We talk about deficits all the time. And this always links back—not always spoken—to race, poverty, and abilities. If we believe that all students are capable, this works against deficit thinking Even though teachers know about mindsets, many educators still maintain a fixed mindset on student ability. We get into thinking that kids can only grow to a certain level. We have to challenge that thinking. Ability is too often seen as fixed or stable, but IQ does not equal intelligence. There are many forms of intelligence. We have to move away from this limited construct that kids are intellectually limited in certain ways. The challenge is finding and accessing different ways for them to learn. If we're going to bring all kids along, there are some things that we need to do differently in our teacher teams. The facilitator has to pay close attention to teacher talk. Rather than talking about these kids and their deficits, we should be talking about how we can modify or adapt practices to meet their needs.
Mindset 2: Identifying student strengths
How do we access student and teacher strengths, enabling learning to occur for both of them? To do this, we have to move away from deficit thinking and toward a discussion of specific student strengths and student growth. One way to do this is that we can look at multiple sources of data and ask:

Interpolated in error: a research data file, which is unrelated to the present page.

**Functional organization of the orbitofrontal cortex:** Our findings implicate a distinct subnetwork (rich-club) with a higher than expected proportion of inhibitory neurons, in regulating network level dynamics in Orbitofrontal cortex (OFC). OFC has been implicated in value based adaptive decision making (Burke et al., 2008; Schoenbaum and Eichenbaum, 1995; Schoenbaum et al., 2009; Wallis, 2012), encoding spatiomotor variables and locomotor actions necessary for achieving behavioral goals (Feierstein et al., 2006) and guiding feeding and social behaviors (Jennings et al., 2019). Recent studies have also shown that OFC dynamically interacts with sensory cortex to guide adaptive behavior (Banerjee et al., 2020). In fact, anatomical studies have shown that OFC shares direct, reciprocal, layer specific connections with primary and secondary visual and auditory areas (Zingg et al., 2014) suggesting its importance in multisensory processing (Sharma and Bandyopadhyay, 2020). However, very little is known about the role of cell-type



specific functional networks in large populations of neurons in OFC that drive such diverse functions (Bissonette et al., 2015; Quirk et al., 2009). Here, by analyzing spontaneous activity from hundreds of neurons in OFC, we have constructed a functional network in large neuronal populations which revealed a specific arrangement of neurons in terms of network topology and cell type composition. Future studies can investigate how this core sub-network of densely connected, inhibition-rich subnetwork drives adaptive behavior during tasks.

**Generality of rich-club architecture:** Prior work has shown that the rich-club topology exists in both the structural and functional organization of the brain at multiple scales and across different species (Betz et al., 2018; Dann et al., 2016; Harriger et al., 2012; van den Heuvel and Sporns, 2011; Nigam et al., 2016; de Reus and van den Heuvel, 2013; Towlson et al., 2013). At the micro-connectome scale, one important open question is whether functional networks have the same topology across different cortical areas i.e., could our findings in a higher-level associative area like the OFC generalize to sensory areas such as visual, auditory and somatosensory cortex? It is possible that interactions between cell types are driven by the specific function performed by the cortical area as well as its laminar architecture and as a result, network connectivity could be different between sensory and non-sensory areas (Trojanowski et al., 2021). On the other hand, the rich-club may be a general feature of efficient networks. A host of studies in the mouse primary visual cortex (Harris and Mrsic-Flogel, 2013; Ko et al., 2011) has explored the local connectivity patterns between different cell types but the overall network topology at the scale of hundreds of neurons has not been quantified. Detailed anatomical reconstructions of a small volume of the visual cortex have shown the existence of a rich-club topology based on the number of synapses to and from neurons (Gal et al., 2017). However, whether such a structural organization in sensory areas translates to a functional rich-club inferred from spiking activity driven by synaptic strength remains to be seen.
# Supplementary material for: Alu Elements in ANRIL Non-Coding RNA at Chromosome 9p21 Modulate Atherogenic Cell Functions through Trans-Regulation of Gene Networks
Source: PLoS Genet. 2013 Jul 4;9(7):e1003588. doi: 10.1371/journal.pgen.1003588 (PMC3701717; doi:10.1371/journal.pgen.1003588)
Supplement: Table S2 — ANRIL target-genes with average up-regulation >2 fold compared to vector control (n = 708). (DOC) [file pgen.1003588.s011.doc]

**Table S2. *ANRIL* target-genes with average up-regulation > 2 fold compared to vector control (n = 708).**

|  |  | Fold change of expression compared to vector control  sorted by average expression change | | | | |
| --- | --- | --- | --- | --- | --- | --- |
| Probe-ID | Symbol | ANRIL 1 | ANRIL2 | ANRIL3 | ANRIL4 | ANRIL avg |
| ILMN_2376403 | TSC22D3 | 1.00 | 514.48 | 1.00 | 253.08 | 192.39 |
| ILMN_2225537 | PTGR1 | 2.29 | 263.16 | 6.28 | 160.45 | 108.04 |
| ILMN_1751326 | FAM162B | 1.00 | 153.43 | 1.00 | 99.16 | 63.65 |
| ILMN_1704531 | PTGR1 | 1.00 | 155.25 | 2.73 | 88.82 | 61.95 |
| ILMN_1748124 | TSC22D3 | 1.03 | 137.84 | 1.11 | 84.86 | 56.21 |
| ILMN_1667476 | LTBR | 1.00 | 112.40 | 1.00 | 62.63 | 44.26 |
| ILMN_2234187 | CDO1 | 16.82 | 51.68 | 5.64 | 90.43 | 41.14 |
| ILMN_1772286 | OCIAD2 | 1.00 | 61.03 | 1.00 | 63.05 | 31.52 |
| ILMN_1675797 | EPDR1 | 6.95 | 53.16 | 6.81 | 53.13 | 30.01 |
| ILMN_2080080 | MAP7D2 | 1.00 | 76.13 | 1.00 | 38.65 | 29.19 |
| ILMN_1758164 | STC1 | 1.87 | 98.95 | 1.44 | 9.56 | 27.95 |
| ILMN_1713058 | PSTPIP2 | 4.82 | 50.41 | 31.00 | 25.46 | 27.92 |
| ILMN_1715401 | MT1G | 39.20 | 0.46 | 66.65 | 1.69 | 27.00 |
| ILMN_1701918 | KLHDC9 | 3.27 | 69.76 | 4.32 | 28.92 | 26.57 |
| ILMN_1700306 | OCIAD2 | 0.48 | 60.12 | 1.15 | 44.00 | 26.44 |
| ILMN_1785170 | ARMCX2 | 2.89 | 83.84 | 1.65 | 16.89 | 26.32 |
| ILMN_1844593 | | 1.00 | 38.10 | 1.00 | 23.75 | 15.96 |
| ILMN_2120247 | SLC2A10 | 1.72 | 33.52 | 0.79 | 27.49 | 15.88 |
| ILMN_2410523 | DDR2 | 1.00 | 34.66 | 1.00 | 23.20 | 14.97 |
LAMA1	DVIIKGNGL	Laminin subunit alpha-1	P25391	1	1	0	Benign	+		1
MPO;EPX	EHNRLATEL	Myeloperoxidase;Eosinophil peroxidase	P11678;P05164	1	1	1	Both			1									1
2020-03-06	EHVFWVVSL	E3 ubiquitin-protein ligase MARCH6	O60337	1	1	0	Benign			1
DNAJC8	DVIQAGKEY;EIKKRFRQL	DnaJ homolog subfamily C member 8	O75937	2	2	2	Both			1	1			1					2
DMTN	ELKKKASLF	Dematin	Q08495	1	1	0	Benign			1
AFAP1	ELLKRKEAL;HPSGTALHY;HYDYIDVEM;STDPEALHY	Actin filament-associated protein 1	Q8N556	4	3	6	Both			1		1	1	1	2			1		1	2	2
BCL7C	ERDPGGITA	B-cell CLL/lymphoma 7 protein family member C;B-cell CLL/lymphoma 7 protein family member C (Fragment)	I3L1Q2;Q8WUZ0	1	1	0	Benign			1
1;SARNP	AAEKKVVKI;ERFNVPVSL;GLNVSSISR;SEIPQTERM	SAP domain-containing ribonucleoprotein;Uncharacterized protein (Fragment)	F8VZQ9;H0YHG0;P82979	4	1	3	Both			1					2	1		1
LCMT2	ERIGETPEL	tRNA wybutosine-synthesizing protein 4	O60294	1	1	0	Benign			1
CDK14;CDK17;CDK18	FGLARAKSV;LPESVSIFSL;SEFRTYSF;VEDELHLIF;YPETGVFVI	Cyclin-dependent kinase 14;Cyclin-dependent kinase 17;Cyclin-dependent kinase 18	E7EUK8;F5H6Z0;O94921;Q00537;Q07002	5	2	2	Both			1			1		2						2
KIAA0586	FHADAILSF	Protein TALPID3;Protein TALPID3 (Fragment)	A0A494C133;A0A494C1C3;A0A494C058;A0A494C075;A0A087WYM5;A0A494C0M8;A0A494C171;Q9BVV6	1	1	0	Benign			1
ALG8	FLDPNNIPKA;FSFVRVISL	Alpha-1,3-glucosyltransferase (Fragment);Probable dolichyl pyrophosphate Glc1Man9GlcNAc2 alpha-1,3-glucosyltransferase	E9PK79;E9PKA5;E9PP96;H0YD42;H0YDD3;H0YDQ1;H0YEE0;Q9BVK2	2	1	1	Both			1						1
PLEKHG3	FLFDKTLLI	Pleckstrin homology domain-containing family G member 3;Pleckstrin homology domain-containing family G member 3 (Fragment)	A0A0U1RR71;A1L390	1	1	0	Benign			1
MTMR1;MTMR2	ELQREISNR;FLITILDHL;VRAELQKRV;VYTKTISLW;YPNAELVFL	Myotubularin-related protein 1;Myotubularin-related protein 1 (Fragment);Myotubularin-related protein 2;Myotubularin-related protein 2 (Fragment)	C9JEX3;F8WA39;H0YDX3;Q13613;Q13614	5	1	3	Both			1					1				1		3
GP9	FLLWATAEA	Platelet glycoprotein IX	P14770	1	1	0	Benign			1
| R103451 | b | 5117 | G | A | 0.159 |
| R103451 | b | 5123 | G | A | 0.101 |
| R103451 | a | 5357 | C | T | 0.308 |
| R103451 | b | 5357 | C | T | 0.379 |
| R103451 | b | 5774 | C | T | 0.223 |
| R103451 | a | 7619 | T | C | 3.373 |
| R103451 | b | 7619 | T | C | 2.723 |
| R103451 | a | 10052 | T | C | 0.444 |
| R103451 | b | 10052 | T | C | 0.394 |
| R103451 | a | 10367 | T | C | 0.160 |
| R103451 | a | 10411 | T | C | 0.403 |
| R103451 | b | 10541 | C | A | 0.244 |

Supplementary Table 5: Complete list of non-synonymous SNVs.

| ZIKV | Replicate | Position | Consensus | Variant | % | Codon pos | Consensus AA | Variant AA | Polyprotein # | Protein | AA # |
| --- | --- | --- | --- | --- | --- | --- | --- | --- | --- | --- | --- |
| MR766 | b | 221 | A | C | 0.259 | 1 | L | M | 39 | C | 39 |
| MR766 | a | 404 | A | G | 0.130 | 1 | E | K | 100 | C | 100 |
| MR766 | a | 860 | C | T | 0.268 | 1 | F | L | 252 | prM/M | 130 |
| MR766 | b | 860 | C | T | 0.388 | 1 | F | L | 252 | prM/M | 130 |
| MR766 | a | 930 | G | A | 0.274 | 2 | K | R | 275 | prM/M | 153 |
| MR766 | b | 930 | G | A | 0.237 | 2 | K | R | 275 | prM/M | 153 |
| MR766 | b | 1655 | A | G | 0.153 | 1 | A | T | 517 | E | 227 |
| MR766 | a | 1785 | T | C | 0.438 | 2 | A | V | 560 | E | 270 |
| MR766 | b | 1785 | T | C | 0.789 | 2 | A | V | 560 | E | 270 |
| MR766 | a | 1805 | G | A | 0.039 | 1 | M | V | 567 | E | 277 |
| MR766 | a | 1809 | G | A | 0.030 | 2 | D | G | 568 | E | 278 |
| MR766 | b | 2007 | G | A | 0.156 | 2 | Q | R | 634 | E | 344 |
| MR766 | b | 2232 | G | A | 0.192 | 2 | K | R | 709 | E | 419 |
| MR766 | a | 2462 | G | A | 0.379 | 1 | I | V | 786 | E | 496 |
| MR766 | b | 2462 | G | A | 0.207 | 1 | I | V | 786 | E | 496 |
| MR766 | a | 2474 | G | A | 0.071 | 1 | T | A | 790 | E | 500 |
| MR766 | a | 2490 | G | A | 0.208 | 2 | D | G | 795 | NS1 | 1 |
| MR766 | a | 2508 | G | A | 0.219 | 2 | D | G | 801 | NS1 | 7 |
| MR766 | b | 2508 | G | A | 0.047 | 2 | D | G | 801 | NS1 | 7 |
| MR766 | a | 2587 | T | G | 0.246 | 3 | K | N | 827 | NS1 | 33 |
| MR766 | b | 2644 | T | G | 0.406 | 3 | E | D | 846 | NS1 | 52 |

- How do the different sources of data compare?
- What are the commonalities and what patterns do we see?
- What are the inconsistencies or discrepancies in the data?
- What's not represented in the data?
- What questions do the data raise?
Mindset 3: This work is meant to be for all students
Teaching is not about moving kids on the bubble to off the bubble. Our mindset has to be on trying to have all kids do better. We have a shared responsibility for ALL students, and if we can, this can bolster our professional collaboration. We should be pushing ourselves to think about, how do we bring more kids to higher levels? The mindset that we're considering the needs of all students needs to permeate our teacher-based team work.
Mindset 4: Professional collaboration is about improving the learning for students and staff
While student learning is certainly a part of our teacher teams, it is teacher learning that is as important as student learning. We have a too much of a bias for action. We tend to act, when instead we s¬¬hould have a bias for learning. Every time we come out of a TBT meeting, we should be thinking about what did we learn about our kids and the way they learn and the way I teach? As a facilitator, the most powerful thing you can do is to ask more ‘why’ questions.
The other thing we have to be asking is, how can we, as a team, scaffold our own adult learning better? As a part of that, how much time, risk, and practice can we take? Can we be OK with not knowing the answer? The more questions the group can ask, the better. Thoughtful questions lead to deeper inquiry. The thing that we're trying to push here is, how can we dig deeper into student learning and how can we assess that?
Always remember that everything that we do, all of our work, and all of our progress comes from respecting and trusting our teachers.